My last blog, Consider Rightly, is about responding to random events by turning them into adventures.. Adventures take you places your never expected, or wanted, to go. They lead you to people you never expected to meet, connections you never thought you would make. Adventures push you to re-examine your beliefs. Adventures lead to subversive ideas. But adventures can be disruptive to your orderly world. They can be risky. And risk? Risk is frightening.
Risk is frightening because you put yourself in situations beyond your control. During the Ebola crisis I needed to go to Senegal and Cote d’Ivoire, countries sharing borders with Guinea, Sierra Leone, and Liberia…the epicenters of the disease. What should I do, I asked myself, take the risk and help build food security for the countries and economic development for the poorest farmers or sit home just in case Ebola spread?
My passport now has new visas and stamps. And there’s a project well on its way to success.
If you can’t take the risk along with the adventure, change comes slowly, if at all. If you remain in your comfortable chair with your comfortable view, surrounded by familiar people, the world will rush by, as it does at a faster and faster rate. These days no one can afford to be stuck in what they do.. When random events or unexpected opportunities appear you can’t let them go by because there’s some risk involved. Grab them.
We’re not talking unevaluated risk, risk jumped into without any thought about what it means and its possible consequences, good and bad. Rather we’re talking opportunities that are risky but after careful thought and evaluation you determine the risk is worth the possible big return.
Peter Drucker said “people who don’t take risks generally make about two big mistakes a year. People who take risks generally make about two big mistakes a year.” The math is inescapable. The result is quite different.
Leaders who take reasoned risks find that many of the risks they take move them forward in leaps and bounds enabling them to swiftly and efficiently overcome the two big mistakes and race ahead. Leaders who are risk averse don’t have their adventure skills in place to overcome the two big mistakes so find themselves backsliding.
I’ve been invited to be the third partner of a new company with an innovative and creative idea for reaching and helping those at the bottom of the pyramid, the poorest in Latin America and Africa. It’s exciting to be asked…and a huge risk. After some discussion about what has been done and where it’s going (my due diligence about the risk/reward) I accepted the invitation.. It’s a sizable commitment of time and resources. I have to drop some other things I’m doing and stick my neck way out hoping the hatchet doesn’t fall.
On many levels it’s risky, and yet, the opportunity is so intriguing, its potential benefits enormous. Let the adventure begin.
Many things happen to each of us beyond our control. Most of them are minor: the stoplight turns red as you approach and you’re stuck for 30 seconds. Some are major: the driver behind you doesn’t notice and rear ends you.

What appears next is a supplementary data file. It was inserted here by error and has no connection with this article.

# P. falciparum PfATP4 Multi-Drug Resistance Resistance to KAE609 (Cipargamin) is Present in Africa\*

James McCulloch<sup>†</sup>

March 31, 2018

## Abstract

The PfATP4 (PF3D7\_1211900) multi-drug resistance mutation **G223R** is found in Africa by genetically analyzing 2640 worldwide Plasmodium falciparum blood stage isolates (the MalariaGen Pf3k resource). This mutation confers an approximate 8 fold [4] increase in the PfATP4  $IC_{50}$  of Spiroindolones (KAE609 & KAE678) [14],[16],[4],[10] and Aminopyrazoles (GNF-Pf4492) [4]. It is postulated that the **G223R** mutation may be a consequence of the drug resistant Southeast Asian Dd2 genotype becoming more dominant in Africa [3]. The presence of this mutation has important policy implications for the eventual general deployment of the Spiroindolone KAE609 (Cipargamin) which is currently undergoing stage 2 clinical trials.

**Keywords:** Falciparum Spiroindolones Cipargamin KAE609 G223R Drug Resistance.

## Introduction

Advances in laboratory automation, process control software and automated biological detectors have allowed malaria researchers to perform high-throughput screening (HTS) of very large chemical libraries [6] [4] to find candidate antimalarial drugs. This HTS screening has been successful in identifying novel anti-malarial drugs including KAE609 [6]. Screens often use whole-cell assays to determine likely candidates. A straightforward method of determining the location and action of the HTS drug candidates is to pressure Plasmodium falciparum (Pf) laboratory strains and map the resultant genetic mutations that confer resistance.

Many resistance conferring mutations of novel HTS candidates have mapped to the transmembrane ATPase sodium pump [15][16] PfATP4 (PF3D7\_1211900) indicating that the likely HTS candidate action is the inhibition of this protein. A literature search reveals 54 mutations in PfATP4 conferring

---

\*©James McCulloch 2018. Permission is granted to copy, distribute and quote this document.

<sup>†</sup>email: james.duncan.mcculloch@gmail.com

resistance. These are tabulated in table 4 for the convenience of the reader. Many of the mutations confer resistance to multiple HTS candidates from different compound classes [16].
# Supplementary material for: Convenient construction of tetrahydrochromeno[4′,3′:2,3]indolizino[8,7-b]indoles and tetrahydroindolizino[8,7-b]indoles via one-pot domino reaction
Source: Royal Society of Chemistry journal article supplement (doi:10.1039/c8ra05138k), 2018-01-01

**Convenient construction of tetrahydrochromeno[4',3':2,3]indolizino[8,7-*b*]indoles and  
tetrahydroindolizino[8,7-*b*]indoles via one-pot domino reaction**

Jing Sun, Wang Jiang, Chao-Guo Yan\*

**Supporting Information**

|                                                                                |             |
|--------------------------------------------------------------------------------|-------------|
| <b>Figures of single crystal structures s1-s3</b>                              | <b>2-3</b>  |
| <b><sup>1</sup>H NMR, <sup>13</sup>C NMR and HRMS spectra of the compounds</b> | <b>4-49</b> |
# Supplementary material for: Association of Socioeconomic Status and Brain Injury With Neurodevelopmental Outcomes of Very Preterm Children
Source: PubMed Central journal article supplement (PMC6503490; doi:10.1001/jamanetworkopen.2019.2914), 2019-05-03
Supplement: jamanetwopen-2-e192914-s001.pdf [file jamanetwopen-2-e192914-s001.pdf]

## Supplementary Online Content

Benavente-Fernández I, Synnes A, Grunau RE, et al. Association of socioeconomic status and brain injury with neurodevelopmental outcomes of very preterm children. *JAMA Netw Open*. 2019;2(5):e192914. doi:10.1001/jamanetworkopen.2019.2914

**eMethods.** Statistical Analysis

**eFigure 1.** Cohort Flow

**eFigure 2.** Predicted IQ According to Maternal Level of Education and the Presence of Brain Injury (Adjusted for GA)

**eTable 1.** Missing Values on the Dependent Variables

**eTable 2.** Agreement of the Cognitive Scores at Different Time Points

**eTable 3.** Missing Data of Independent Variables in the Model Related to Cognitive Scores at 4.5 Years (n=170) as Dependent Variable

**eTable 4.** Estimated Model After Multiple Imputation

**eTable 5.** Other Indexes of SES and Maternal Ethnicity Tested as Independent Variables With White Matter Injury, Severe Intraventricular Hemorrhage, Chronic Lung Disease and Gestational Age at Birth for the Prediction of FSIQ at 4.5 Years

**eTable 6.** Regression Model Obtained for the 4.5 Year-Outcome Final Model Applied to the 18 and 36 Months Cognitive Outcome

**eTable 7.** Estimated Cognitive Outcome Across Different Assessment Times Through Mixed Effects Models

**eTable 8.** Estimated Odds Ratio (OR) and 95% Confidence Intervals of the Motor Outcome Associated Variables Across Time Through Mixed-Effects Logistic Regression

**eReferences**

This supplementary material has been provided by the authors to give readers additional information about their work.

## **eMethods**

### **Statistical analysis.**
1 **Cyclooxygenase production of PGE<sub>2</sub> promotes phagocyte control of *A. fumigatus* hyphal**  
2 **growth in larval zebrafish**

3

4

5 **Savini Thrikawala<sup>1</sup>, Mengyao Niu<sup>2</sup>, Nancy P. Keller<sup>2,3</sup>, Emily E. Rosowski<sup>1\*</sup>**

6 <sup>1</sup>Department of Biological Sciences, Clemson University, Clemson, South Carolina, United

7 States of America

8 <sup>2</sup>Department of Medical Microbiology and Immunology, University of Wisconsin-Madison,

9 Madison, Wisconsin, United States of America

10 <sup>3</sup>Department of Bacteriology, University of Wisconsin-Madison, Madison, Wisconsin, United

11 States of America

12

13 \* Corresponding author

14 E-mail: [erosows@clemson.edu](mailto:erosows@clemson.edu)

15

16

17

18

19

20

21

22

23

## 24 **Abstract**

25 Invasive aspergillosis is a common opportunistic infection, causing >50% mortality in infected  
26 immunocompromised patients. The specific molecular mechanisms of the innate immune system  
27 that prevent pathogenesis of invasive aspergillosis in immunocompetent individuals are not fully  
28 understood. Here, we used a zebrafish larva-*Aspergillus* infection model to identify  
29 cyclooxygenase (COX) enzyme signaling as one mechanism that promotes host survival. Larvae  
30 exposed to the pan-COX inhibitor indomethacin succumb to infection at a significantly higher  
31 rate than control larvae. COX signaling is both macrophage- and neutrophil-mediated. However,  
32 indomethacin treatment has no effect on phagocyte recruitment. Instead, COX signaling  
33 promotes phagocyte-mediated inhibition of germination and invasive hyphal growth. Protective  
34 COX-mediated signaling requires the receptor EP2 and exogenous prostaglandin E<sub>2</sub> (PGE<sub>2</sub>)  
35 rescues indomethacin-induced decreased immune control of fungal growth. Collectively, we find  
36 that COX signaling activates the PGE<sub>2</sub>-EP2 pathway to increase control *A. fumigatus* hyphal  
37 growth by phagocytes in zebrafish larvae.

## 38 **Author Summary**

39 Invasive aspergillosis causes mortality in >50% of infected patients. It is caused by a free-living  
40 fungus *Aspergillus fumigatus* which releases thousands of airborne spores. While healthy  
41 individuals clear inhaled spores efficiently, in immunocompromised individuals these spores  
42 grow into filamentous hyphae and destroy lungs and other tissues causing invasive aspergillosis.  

There’s nothing we can do about such things. What we can do is control how we deal with such random happenings.
For those in positions of authority the response can affect many, for an individual acting on their own the response can at least affect them for better or worse. Some let such things affect them in ways that have negative impacts not only on their own mindset, but in the case of leaders, on the fate of others. Others use the random occurrence as a learning tool, something to ponder and work out its affect and perhaps how to control or change the event from happening in the future.
G K Chesterton said “an adventure is only an inconvenience rightly considered. An inconvenience is only an adventure wrongly considered.”
The way you approach blips in your path has consequences that stretch out far in front of you. Think about the people you know. How different is the result for the people who take a blocked road as a chance to explore unknown terrain from those who become furious and learn nothing from the new path they must follow. The story these two executives will share when they get to the office will have quite different impacts on how those who hear it act that day.
As a regular global traveler I’ve had my share of long delayed and missed flights. I’ve met quite a few interesting people and landed some new clients by taking the delay as an opportunity rather than an inconvenience. I’ve also talked to people who are amazed when they hear how I’ve connected this way to senior executives of GSK and Pepsico and enjoyed a long discussion about airline employee hiring practices with the head of pilot recruitment for Qatar Airways.
The difference between having an adventure and coming away with new and useful knowledge and experience and being inconvenienced and coming away with aggravation and high blood pressure is dependent on the way you perceive things.
Consider rightly…come away with new ideas to energize you and your people. Consider wrongly…come away angry and empty of ideas and drain the energy of youself and your people.
It’s all an adventure. Treat it as such and expand your mind.